That being said, anyone who made a violin from start to finish, by themselves and using whatever methods they choose,  made a "hand-made" instrument

 

Edit: It also strikes me as a science vs craftman/artist debate, in some regards. Some.

Link to comment
Share on other sites

You seem to have opinions around CNC work, and technologies influence on violin making...I'm just wondering if you have anything to add regarding the original questions brought up:

On 11/17/2018 at 4:17 AM, Delabo said:

The question that comes to mind is, should they all be sold for similar amounts of money ? And should the maker who uses a CNC to make his instruments be obliged to reveal to his customers that machinery was used in the making of their new purchase ? Also, does the maker who eschews modern ways feel that they are more in touch with the wood ?

I think they're great questions.  Sadly I'm getting the vibe that more and more makers are OK using the logic of "it's just another tool" than to stop and wonder if the musicians think "it's just another tool" too.  It's reading more and more to me like when it was revealed lots of Parmesan cheese sold in stores had sawdust in it.  And the food companies response was, "If you asked if it had sawdust in it, we would have said yes."  And I'm guessing there were cheese technologists who marveled at the fact that with a little technology, we can still make good enough cheese, but now it's easier and cheaper!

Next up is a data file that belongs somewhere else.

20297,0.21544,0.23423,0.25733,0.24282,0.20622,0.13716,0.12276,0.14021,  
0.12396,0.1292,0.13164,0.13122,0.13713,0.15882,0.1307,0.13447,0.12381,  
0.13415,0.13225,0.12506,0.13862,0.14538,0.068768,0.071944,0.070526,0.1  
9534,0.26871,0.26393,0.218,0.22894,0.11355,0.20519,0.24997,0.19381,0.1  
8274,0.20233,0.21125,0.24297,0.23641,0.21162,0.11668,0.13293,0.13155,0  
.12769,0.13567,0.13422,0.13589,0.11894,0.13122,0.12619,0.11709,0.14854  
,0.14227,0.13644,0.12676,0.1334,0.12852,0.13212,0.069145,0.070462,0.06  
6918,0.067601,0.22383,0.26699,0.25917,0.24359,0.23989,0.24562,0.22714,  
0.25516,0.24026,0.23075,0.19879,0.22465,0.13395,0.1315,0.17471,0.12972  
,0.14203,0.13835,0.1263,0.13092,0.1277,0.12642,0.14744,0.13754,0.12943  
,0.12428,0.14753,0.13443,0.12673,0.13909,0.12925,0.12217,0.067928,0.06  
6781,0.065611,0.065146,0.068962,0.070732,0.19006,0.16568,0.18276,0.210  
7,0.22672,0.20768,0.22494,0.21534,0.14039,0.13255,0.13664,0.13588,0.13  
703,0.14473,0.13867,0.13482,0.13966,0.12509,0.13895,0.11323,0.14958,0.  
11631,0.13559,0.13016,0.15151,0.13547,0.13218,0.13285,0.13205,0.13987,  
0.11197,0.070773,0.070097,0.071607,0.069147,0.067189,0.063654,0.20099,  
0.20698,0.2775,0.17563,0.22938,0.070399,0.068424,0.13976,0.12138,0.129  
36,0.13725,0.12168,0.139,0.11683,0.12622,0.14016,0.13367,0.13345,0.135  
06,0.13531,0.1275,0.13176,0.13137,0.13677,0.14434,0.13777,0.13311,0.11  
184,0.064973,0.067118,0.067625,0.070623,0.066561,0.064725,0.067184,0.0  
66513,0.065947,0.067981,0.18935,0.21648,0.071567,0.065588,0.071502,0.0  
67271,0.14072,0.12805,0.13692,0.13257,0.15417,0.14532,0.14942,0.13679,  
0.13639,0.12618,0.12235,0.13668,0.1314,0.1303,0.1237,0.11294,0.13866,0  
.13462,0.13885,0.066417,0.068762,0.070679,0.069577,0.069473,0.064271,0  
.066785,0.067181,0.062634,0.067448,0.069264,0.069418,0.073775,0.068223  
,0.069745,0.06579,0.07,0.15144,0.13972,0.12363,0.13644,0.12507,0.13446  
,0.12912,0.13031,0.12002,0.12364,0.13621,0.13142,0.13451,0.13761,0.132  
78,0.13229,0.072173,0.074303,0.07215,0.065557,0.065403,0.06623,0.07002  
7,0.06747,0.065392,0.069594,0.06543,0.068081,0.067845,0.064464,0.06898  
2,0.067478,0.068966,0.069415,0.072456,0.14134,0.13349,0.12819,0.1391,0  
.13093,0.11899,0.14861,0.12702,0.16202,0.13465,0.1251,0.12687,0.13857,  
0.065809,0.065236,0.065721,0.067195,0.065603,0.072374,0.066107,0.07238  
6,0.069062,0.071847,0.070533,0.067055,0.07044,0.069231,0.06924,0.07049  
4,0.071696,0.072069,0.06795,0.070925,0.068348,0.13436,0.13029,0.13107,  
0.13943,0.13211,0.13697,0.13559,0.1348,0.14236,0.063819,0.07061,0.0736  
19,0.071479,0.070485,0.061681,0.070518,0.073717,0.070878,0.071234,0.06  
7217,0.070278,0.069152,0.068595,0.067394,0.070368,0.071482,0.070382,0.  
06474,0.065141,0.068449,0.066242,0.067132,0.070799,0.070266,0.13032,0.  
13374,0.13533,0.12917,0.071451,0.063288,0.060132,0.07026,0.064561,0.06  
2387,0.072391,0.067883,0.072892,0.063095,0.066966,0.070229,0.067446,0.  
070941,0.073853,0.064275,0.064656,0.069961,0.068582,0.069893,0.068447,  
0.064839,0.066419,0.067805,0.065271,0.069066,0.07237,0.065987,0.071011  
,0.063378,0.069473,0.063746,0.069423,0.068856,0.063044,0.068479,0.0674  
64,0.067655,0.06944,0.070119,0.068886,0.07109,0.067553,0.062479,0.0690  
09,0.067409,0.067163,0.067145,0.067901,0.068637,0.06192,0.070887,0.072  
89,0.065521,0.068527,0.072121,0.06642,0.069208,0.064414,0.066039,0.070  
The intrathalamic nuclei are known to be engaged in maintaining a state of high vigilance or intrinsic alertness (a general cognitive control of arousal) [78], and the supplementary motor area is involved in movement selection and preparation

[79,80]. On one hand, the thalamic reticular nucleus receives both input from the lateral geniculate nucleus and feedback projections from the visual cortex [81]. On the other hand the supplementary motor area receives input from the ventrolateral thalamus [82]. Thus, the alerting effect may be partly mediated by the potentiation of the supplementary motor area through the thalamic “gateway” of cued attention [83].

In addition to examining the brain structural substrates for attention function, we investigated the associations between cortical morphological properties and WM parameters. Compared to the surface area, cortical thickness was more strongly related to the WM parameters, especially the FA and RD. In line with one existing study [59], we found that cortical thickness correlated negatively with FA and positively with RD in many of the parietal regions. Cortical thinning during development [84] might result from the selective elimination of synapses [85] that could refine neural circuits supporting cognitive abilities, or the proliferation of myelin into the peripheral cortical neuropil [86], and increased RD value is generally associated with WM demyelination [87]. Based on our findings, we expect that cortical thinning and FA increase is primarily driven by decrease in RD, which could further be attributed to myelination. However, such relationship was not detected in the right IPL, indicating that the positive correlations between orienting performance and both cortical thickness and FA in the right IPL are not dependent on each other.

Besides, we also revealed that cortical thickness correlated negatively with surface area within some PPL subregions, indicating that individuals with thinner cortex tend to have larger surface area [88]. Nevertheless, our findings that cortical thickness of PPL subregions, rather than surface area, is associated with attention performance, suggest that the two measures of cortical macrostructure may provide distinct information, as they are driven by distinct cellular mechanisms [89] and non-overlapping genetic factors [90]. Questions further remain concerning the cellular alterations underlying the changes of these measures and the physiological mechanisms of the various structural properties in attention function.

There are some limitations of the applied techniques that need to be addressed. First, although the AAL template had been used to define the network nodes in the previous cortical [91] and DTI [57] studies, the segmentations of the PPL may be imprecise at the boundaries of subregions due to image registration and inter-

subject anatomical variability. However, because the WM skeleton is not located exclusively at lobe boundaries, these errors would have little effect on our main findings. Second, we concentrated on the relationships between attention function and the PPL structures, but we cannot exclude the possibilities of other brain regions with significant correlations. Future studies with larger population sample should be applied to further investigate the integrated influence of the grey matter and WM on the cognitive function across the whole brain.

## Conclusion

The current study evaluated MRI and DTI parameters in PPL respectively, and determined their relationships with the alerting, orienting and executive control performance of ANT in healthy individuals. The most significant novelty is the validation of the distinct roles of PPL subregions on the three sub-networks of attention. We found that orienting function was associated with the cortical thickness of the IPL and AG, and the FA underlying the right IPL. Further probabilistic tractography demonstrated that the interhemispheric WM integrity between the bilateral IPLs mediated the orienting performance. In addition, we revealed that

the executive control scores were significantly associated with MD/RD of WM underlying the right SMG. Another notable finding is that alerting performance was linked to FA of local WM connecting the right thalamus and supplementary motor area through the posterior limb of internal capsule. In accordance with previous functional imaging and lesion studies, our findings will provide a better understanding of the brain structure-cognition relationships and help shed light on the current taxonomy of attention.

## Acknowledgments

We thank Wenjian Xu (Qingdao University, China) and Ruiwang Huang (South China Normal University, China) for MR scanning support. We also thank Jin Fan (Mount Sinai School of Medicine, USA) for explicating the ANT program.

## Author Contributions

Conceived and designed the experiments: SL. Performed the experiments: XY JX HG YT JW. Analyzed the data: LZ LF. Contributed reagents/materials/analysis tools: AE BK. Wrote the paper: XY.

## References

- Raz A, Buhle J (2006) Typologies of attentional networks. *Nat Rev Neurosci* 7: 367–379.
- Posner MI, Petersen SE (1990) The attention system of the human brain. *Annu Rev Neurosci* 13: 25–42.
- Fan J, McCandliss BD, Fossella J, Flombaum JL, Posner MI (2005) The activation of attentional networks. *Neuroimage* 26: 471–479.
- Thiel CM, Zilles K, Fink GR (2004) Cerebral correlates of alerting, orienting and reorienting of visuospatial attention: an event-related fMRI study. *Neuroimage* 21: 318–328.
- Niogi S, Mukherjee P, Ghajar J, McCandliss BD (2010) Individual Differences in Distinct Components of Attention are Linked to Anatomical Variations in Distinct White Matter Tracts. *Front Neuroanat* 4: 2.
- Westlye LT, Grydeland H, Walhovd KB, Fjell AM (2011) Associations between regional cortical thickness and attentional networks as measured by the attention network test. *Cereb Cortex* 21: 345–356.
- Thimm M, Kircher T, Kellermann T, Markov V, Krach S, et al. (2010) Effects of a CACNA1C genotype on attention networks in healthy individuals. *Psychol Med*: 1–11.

Link to comment
Share on other sites

6 hours ago, Delabo said:

Would it be possible for one member of Maestronet to send a CNC computer template to another member if they both owned identical CNC machines ?

If yes, could the CNC machine be programmed to totally shape and finish the plates so only a final scrape is required ?

If the answer is yes to these two questions, then can it be said that the member who was the recipient of this kind donation has made his own violin ?

First answer is YES, that's just like when one maker lends his moulds and templates to the other.

Second answer is YES, but the result will be just VSO, not master violin, unless the maker found out the "secret", and he miraclously knows how exactly the finished plates should be already when he puts the wood into machine. So the maker either is EXCELLENT (or genius) with wood and can program the machine accordingly for each individual piece of wood, or he just doesn't let the machine cut too close and leave enough meat to finalize the plate to HIS best standards. In both these cases the maker can be considered master of his craft.

If recipient of code (CNC program) just runs it on randomly selected piece of wood, he is creator of VSO of random quality. Just like the factories. Anyone and his brother can download the CT scan of Betts off internet and easily create code to make physical copies on CNC (if he is up to the job in assembly and finishing departments), but this will not result in reliable quality of tone and he will never gain any reputation on that work. That is the part that machine will never do for you. It will only blindly repeat the same instructions precisely whether they are right or wrong for given piece of wood.